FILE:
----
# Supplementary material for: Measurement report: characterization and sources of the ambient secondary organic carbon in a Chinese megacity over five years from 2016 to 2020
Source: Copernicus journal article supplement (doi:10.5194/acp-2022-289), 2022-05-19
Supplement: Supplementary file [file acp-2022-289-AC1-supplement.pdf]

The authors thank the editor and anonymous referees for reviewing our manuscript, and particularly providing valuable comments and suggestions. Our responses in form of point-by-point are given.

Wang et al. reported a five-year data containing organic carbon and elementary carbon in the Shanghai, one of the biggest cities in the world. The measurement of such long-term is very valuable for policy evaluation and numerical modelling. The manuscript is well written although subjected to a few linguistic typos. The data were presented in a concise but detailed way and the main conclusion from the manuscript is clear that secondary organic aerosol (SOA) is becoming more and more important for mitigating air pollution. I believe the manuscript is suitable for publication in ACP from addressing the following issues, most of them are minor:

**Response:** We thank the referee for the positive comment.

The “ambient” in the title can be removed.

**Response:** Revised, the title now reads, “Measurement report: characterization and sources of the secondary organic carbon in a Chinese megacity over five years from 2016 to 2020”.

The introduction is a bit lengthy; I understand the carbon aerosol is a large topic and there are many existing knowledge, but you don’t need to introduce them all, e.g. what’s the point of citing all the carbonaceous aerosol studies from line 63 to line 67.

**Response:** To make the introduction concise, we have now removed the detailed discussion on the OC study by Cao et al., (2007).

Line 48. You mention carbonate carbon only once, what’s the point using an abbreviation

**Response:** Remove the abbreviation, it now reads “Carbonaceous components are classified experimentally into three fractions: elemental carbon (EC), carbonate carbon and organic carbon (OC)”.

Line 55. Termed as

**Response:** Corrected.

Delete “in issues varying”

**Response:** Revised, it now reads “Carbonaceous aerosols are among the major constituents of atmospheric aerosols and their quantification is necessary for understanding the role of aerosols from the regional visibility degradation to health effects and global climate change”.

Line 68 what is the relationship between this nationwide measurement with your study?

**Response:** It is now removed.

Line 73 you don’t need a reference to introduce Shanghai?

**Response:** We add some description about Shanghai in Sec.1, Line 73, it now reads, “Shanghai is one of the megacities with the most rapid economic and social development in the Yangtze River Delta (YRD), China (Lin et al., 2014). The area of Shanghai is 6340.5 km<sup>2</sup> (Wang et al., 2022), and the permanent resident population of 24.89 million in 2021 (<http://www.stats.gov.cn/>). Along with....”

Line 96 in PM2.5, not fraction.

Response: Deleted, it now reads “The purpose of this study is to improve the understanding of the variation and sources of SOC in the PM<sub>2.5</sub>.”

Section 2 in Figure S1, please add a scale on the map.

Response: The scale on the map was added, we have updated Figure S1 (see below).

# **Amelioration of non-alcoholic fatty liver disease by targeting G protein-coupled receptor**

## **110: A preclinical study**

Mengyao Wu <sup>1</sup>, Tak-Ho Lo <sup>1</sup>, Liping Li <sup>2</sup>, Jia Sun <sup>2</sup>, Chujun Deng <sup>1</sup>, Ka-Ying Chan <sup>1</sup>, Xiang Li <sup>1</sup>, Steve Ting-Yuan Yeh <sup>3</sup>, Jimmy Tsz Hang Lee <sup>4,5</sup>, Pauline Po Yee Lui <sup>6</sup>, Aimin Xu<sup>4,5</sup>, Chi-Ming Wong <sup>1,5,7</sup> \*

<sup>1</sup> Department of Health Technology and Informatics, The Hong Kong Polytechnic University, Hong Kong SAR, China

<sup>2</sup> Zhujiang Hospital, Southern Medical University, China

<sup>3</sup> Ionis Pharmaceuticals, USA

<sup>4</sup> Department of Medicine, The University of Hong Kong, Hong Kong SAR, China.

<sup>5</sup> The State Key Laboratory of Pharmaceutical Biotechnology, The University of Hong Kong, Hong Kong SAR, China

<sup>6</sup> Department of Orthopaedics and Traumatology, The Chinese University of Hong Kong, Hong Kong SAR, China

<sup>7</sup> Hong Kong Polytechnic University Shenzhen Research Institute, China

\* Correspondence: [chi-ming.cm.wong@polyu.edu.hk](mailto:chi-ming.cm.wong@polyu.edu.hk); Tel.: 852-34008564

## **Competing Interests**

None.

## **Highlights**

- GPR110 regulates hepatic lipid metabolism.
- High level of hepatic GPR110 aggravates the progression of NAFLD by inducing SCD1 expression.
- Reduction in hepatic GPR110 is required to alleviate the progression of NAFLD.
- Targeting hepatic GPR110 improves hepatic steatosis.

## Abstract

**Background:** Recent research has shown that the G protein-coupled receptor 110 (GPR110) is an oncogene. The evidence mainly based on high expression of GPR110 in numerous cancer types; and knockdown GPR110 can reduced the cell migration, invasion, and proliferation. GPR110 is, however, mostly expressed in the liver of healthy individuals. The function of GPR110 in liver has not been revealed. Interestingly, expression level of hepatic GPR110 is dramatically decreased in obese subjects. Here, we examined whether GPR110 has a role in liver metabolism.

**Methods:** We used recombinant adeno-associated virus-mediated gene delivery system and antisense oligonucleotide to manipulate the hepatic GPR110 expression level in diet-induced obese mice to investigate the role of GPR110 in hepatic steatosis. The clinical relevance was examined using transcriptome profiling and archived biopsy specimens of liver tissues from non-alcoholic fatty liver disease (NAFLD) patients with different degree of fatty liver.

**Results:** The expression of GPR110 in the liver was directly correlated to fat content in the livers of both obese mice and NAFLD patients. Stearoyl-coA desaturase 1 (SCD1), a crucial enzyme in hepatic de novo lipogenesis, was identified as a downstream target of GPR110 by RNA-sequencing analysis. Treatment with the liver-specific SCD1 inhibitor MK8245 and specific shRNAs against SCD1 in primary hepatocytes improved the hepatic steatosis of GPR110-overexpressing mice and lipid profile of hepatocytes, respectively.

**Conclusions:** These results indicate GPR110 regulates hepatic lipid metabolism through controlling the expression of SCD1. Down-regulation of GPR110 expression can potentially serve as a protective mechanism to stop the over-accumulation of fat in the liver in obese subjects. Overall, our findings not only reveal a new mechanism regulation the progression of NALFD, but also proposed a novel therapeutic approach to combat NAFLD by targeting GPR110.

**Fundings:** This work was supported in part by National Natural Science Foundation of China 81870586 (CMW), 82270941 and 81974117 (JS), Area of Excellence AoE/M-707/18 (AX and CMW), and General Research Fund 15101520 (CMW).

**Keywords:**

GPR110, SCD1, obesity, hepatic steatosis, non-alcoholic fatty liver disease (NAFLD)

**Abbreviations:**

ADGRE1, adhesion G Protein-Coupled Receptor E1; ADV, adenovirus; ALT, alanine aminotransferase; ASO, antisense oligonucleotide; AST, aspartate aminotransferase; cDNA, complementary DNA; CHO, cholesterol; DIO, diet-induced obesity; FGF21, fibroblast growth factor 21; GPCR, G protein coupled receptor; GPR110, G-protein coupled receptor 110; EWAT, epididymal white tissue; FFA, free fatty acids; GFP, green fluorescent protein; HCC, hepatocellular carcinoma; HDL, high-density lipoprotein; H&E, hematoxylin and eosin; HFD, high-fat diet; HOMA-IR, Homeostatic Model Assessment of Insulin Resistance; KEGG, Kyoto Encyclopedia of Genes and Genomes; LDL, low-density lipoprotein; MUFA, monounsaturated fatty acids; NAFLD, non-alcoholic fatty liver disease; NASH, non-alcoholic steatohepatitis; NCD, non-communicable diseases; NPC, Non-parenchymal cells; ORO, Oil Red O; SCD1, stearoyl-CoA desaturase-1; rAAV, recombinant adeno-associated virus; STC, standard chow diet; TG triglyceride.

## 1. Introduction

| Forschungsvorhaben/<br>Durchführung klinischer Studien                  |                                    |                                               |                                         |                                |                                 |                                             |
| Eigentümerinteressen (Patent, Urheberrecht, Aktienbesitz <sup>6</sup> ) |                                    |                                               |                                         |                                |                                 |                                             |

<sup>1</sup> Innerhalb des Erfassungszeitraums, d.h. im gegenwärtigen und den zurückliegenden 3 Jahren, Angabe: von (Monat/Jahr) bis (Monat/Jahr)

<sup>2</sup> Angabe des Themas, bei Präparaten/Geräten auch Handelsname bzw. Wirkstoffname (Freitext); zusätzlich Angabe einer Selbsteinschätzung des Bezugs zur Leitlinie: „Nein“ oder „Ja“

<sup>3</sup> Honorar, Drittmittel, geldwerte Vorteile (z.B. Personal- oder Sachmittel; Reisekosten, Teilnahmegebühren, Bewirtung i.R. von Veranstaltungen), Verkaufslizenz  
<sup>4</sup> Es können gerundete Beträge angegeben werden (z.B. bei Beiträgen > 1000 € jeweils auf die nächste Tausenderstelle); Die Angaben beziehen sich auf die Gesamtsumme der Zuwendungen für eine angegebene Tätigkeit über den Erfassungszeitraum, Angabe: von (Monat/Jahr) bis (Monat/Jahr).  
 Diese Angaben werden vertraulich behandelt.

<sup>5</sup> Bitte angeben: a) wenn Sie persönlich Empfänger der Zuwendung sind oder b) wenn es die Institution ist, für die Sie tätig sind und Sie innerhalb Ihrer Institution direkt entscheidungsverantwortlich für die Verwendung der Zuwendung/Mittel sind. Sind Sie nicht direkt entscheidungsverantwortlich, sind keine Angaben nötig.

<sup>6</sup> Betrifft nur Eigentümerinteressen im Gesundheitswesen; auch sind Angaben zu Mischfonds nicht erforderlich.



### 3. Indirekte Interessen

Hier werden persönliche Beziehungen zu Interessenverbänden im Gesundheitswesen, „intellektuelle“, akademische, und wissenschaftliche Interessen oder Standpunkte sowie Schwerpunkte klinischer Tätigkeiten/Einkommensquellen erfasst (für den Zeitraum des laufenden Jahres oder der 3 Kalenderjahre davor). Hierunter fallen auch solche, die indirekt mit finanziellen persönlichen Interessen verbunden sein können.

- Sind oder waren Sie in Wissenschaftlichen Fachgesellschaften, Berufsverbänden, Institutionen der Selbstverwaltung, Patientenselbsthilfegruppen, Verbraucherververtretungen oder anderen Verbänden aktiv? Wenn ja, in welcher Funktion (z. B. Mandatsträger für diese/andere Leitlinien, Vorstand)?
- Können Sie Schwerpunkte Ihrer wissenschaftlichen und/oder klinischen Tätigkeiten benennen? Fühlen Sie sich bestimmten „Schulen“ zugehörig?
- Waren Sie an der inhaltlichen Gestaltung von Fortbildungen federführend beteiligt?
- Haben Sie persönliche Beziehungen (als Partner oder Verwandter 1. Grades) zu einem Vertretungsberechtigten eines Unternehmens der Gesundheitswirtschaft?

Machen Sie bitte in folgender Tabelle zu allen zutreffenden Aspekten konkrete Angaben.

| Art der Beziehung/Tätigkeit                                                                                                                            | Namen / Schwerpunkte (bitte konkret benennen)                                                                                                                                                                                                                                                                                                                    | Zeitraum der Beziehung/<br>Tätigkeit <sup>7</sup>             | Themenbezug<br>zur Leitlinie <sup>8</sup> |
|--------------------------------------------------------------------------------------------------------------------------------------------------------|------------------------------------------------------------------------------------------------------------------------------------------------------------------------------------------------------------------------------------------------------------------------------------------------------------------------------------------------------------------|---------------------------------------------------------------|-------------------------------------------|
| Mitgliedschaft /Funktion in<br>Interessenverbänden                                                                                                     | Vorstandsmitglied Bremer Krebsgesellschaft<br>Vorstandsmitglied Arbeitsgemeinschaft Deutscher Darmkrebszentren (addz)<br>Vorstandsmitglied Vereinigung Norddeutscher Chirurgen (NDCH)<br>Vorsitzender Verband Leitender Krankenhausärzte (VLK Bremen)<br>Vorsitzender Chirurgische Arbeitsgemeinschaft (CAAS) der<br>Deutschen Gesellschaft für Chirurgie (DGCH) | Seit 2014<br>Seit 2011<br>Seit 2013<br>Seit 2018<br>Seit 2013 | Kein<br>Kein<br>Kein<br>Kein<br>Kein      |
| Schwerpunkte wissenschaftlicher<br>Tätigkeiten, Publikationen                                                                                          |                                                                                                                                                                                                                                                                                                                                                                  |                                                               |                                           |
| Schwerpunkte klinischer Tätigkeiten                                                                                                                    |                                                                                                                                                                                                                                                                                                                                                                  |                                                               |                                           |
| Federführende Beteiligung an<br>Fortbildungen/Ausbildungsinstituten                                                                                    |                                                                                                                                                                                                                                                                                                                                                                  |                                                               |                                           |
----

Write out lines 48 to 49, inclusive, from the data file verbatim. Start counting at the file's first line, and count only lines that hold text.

**Fundings:** This work was supported in part by National Natural Science Foundation of China 81870586 (CMW), 82270941 and 81974117 (JS), Area of Excellence AoE/M-707/18 (AX and CMW), and General Research Fund 15101520 (CMW).

**Keywords:**